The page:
Can You Identify Poison Ivy and Poison Oak On Sight?
If not, you may be in for a big surprise if you touch something you thought was safe and later realize it was poison ivy or poison oak!
When you hear someone say, “I have poison ivy” (or poison oak), what they should be saying is, “I have ‘contact dermatitis’ from touching poison ivy” (or from poison oak).
Identifying Poison Ivy and Poison Oak
Most of us have heard the saying: “Leaves of three, leave them be”. That saying reminds us that those plants, such as poison ivy and poison oak, have a three-leaf profile and we are to leave them alone.
Poison Ivy and Poison Oak Produce Similar Skin Reactions
Urushiol is an oily toxin that is found in both poison ivy and poison oak.
In both of these plants, urushiol coats the leaves, vines and roots. Therefore, no part of these plants are safe to touch.
About 80-90% of those who come in contact with this oily toxin have a negative reaction to it. If it touches your skin it can cause itching, burning, hives, rashes and blisters.
The best way to avoid getting urushiol on your skin is to avoid these 3-leaf plants altogether.
Eastern Poison Ivy – Found In: Eastern United States and Canada
Poison ivy plants have a 3-leaf profile.
Their leaves, which are all different shapes, have notched edges.
They change colors depending on the season. In the spring, they range from pink to light green. In the summer, they are dark green and shiny. In the fall, they are red, orange or yellow.
These poisonous plants can grow on the floor of a forest, as a low shrub or as a climbing vine.
You’ll find these plants near the edge of trails, in the woods or in clearings.
Pacific Poison Oak – Found In: Western Canada, Washington, Oregon, California And Nevada
Poison oak plants also have a 3-leaf profile.
Their leaves look like white oak leaves. They range from 1-4 inches long and have smooth, semi-rounded edges.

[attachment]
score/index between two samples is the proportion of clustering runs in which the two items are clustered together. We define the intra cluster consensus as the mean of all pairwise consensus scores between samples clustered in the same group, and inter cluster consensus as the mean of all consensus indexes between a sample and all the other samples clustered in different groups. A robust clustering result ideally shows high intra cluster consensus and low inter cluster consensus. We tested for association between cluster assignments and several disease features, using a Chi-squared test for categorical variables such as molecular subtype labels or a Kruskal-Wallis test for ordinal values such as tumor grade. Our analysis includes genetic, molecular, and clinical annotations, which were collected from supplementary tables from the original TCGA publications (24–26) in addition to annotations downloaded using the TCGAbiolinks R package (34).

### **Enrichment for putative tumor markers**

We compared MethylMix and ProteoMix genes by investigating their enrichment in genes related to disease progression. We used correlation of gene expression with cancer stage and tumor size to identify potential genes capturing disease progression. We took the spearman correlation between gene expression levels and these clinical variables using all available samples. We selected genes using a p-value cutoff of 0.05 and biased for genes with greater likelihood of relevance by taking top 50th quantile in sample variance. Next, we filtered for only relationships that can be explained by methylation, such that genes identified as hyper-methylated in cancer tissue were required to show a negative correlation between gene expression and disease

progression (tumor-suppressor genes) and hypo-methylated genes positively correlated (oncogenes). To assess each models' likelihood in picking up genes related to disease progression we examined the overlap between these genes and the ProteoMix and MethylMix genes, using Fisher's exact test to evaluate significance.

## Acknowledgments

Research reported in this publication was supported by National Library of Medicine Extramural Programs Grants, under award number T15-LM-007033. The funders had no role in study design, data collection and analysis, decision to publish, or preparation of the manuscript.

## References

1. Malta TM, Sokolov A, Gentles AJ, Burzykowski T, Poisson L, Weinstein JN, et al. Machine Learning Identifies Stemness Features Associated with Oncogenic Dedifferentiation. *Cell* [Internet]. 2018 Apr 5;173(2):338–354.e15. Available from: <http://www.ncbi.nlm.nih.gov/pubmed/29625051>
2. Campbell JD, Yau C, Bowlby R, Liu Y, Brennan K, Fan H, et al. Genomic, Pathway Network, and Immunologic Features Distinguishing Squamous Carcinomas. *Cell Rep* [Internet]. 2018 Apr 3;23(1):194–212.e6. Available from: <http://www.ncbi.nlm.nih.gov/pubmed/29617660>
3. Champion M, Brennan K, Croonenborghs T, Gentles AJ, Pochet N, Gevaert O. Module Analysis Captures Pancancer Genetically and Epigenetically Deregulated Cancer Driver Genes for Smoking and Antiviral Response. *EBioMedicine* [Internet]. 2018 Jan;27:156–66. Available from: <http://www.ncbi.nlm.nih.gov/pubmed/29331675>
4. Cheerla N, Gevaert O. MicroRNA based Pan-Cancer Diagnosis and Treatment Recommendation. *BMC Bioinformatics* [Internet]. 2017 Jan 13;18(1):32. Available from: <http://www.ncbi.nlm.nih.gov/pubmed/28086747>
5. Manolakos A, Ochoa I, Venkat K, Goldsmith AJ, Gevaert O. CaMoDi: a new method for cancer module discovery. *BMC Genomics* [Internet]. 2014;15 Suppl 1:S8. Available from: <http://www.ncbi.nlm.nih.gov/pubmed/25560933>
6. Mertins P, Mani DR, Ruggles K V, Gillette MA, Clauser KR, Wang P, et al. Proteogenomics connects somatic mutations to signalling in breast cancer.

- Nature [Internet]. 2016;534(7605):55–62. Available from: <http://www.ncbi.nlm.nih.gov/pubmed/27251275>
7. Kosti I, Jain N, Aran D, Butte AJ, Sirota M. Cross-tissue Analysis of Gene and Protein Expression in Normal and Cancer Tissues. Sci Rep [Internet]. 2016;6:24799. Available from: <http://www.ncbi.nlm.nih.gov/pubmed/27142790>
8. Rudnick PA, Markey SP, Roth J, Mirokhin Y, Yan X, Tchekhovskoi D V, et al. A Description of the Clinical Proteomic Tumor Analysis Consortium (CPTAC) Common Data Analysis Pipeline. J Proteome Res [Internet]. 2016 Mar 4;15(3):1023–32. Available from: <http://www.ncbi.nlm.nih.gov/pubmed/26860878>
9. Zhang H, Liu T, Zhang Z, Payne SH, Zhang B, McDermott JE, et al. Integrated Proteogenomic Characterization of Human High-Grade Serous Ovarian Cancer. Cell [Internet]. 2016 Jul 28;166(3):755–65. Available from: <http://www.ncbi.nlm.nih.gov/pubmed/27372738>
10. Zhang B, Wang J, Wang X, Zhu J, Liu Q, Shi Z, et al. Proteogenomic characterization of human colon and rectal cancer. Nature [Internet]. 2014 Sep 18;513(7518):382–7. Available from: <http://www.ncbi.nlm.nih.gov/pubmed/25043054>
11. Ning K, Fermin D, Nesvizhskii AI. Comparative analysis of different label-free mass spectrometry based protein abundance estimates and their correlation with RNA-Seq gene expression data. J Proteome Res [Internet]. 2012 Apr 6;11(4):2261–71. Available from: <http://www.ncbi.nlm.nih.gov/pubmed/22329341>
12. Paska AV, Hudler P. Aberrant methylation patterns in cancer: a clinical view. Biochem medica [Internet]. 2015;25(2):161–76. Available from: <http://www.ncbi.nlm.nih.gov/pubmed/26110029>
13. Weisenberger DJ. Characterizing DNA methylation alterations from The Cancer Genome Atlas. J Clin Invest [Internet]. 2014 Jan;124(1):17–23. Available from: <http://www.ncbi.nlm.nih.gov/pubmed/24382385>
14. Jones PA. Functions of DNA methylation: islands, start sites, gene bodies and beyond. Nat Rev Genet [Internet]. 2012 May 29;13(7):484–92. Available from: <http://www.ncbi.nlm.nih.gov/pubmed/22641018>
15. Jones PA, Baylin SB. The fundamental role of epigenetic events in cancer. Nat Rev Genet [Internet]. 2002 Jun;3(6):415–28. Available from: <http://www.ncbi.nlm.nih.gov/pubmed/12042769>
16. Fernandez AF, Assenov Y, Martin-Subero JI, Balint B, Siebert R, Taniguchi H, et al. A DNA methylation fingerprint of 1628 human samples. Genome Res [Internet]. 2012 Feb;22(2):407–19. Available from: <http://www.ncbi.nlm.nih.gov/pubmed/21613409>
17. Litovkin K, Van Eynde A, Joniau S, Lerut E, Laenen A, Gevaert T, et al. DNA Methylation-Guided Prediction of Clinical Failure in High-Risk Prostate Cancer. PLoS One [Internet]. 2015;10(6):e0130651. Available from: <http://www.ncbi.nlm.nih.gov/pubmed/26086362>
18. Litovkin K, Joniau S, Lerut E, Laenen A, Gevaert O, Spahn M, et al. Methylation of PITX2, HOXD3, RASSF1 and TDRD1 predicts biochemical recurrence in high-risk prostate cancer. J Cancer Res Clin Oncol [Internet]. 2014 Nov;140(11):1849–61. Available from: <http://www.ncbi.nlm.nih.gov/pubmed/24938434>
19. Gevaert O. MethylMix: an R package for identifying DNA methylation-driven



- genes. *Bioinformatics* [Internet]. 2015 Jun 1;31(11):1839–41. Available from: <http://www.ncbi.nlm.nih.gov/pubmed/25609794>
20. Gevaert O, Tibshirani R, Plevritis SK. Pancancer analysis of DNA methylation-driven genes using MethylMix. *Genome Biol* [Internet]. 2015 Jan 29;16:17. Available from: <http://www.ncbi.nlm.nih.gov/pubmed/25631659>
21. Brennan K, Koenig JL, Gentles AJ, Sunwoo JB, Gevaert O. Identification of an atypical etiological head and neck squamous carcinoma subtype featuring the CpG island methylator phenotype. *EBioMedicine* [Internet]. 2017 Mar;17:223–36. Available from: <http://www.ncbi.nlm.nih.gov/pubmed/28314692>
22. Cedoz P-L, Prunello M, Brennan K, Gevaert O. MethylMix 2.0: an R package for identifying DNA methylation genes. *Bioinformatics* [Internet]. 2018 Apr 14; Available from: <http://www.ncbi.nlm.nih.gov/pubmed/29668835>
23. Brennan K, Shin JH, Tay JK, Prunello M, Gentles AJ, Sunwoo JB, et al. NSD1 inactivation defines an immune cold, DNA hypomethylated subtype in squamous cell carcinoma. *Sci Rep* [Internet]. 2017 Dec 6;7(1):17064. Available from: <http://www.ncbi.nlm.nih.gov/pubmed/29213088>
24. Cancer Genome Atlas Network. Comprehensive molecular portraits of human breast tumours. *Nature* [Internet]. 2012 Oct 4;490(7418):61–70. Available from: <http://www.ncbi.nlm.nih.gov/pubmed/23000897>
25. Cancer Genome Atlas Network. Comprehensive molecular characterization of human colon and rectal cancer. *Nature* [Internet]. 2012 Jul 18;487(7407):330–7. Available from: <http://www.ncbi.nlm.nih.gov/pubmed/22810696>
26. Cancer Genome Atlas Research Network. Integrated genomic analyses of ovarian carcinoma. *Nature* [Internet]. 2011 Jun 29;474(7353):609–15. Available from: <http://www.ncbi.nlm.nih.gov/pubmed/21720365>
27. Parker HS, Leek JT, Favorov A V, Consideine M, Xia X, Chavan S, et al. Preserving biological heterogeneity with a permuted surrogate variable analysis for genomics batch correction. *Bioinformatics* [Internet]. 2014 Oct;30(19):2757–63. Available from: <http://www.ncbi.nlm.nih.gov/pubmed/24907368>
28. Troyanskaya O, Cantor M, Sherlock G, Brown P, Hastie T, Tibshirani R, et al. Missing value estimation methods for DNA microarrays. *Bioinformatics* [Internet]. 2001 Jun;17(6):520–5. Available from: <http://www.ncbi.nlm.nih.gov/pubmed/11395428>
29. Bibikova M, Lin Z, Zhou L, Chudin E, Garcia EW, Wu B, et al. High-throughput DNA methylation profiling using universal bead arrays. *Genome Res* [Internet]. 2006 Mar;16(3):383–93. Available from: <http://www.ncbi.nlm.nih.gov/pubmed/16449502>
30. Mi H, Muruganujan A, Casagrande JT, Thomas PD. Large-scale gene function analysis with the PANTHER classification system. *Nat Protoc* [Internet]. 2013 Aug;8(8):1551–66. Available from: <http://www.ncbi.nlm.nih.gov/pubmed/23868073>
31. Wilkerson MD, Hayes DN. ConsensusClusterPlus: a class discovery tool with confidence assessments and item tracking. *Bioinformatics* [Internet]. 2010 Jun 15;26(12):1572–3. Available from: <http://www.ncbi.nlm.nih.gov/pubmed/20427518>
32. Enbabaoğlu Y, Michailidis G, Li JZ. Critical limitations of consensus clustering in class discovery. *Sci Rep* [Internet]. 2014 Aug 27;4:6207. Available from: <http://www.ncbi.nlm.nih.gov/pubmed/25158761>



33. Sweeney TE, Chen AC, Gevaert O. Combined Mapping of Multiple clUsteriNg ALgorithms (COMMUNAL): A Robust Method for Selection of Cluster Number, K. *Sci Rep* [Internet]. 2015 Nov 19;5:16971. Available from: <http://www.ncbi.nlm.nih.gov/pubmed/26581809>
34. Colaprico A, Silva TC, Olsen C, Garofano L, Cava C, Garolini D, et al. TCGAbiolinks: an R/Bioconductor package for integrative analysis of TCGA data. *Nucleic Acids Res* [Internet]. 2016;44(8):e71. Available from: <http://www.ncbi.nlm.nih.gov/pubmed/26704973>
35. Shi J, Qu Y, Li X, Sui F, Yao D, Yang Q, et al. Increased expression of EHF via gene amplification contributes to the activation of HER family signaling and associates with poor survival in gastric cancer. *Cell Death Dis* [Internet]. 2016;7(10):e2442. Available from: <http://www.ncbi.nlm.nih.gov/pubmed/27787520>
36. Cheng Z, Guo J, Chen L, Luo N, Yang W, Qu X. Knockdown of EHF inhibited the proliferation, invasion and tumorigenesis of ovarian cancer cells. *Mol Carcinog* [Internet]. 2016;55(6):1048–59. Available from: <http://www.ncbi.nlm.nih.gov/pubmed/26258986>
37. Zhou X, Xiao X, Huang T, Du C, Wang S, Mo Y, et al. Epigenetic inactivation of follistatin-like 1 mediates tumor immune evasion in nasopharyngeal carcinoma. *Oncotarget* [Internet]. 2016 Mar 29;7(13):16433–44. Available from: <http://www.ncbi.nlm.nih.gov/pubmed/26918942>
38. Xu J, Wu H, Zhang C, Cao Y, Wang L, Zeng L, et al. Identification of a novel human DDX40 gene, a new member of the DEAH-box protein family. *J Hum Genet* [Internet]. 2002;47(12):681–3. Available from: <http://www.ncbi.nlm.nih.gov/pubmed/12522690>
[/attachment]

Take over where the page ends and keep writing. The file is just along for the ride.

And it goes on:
In the spring, they are reddish-green. In the summer, they are dark green. In the fall, they range from bright red to bright yellow.
They can be leafy shrubs that grow to be 3-6 feet tall or they can be climbing vines that range from 30-100 feet tall. These leaves can also be found on Douglas fir trees and redwoods.
You’ll find these leaves in areas where there are grassy hillsides or on dense shrubs, bushes and small trees.
Skin Reactions – Symptoms
Even a brief contact with a tiny drop of urushiol is enough to inflame your skin. Poison ivy and poison oak can cause itching and burning. Within 2-48 hours, the affected area can turn into a blistering rash.
To reduce the negative effects, you need to immediately treat the area that came in contact with even a drop of urushiol. Treating the area before it even has a chance of getting absorbed by your skin is the key.
Skin Reactions – Treatment
- Rinse all areas of the skin that came in contact with the poisonous plant, with cold water. (Do NOT use hot water as that will intensify the skin’s reaction to the toxin).
- Wash the entire affected area with soap and water. If that is not available, then use an alcohol-based hand sanitizer.
- When washing the area, use a washcloth or something that will cause friction. The soap and water or the alcohol-based hand sanitizer by themselves is not good enough. You need to use something that will “scrub off” the toxin.
50% of the toxin can be removed, if you do the 2 steps above, within 10 minutes of coming in contact with it.
Only 10% of the toxin will be removed if you wait more than 30 minutes to follow the 2 steps shown above.
Unfortunately, if you are unable to wash the urushiol off in time, then the skin reaction can take up to 3 weeks to clear up.
To reduce the itching and inflammation, you can apply Calamine lotion or use a cortisone-based cream. If that is not sufficient, you can take an oral antihistamine such as Benadryl, but check with your doctor first.
If you do get blisters, do not try to break them. If they start to lose liquid or break on their own, you must keep the area covered with a bandage. The area has to stay clean or you can get an infection.
Is Poison Ivy or Poison Oak, Contagious?
- Poison ivy & poison oak are contagious because of the toxin that is coated on them.
- There is a misconception that poison ivy and poison oak rashes or blisters are contagious. Neither the rashes nor the blisters are contagious.
- The ENTIRE poison ivy and poison oak plants are coated with urushiol. Urushiol IS contagious and if touched, will give you the itching, burning, hives, rashes and/or blisters.
However, the blister fluid that may seep out does not contain urushiol and therefore is not contagious.
The only way for contact dermatitis to be passed from one person to another is if you were to touch a person that still has urushiol on them, their clothing, shoes, backpack, etc.
All species of poison ivy and poison oak have 3 leaves. If you see any 3-leaf plants, steer clear of them. It’s not worth it to take any chances.
When passing through any areas where there are plants that have 3 leaf clusters, tuck your pant legs into your socks for protection.
To read another interesting article from The Joy of Hiking, click the link below.